Sacred Texts  Confucianism  Index  Previous  Next 
Buy this Book on Kindle

A Feast of Lanterns, by L. Cranmer-Byng, [1916], at


Tsen-tsan and his brother delighted to dream in
   grand horizons,
They drew me down to the water's edge, their
   fellow wanderer.
Veiled was the sky and sombre the land, and
   sudden the change from daylight,
The wind rose and the storm-waves seemed to be
   rolling pale gems in the foam.

Our boat shot forth from its moorings and rippled
   into the movement,
Great was the scene, inspiring to song, but the
   dominant note was fear.

p. 58

How should I not be stirred with danger surging
   around me?
Treacherous wind and crested wave, is there no
   escaping you?

Lo now the captain unfurls the silken sail to the
And the boatmen begin to rejoice as the last cloud
   flags away.
The wild-fowl rise with a roaring of wings, scared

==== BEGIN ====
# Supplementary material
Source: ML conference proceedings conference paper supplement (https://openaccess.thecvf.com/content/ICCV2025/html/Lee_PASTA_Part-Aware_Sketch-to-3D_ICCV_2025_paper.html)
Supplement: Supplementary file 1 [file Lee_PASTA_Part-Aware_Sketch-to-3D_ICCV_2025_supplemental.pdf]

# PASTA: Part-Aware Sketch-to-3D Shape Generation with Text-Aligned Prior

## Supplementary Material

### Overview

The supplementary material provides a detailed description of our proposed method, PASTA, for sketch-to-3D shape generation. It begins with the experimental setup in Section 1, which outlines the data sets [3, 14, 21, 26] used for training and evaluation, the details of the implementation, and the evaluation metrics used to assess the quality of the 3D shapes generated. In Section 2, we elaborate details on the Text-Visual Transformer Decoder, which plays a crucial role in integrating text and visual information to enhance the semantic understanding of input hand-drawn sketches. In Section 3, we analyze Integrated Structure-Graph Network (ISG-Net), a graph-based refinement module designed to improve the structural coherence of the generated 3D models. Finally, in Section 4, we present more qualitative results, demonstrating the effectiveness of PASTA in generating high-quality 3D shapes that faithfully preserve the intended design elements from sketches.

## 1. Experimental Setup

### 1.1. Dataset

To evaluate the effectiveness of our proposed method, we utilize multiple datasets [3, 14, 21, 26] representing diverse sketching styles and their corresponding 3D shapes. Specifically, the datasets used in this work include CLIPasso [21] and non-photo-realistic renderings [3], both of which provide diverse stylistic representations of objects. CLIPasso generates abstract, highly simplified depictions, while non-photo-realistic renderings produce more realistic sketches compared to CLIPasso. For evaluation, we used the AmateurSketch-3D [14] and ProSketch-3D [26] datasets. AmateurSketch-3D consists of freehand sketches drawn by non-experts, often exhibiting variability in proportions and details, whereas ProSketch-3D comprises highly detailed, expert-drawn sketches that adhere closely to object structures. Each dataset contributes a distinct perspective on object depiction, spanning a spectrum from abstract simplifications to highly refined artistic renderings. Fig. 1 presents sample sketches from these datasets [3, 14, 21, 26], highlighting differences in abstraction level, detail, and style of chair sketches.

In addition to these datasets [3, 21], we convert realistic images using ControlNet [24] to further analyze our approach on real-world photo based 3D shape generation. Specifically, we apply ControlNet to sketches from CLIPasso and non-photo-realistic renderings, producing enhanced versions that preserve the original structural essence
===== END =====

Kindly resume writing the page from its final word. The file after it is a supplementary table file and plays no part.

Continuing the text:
by the chant of oarsmen;
Lute and flute are astir; faint harmonies drip
   from the sky.

Bright are the water-lily's leaves as though the
   rains had burnished them.
The slack line slips through my hands that would
   fathom the soundless lake.
My gaze falls on the vast expanse of the limitless
   void before me,
Rearward menacing, dark, Chong-Nan towers out
   of sight.

Southward the mountains brood above the restless
Their grim reflections, trembling, sink in deeps of
   darkening blue.
The sun sets, the boat glides by the
   cloud-pavilioned pagoda,
And soon the moon is mirrored in the dun dusk of
   the lake.

p. 59

’Tis then the black dragon, breathing pearls, looms
   out of the darkness.
’Tis then the river-god beats the drum, and the
   shoaling monsters rise.
The naiads leave their dim retreats, faintly their
   revels find us,
And the pale streamers of their quickened lutes
   gleam for an instant far away.

Next: Ch‘ang-Ch‘ien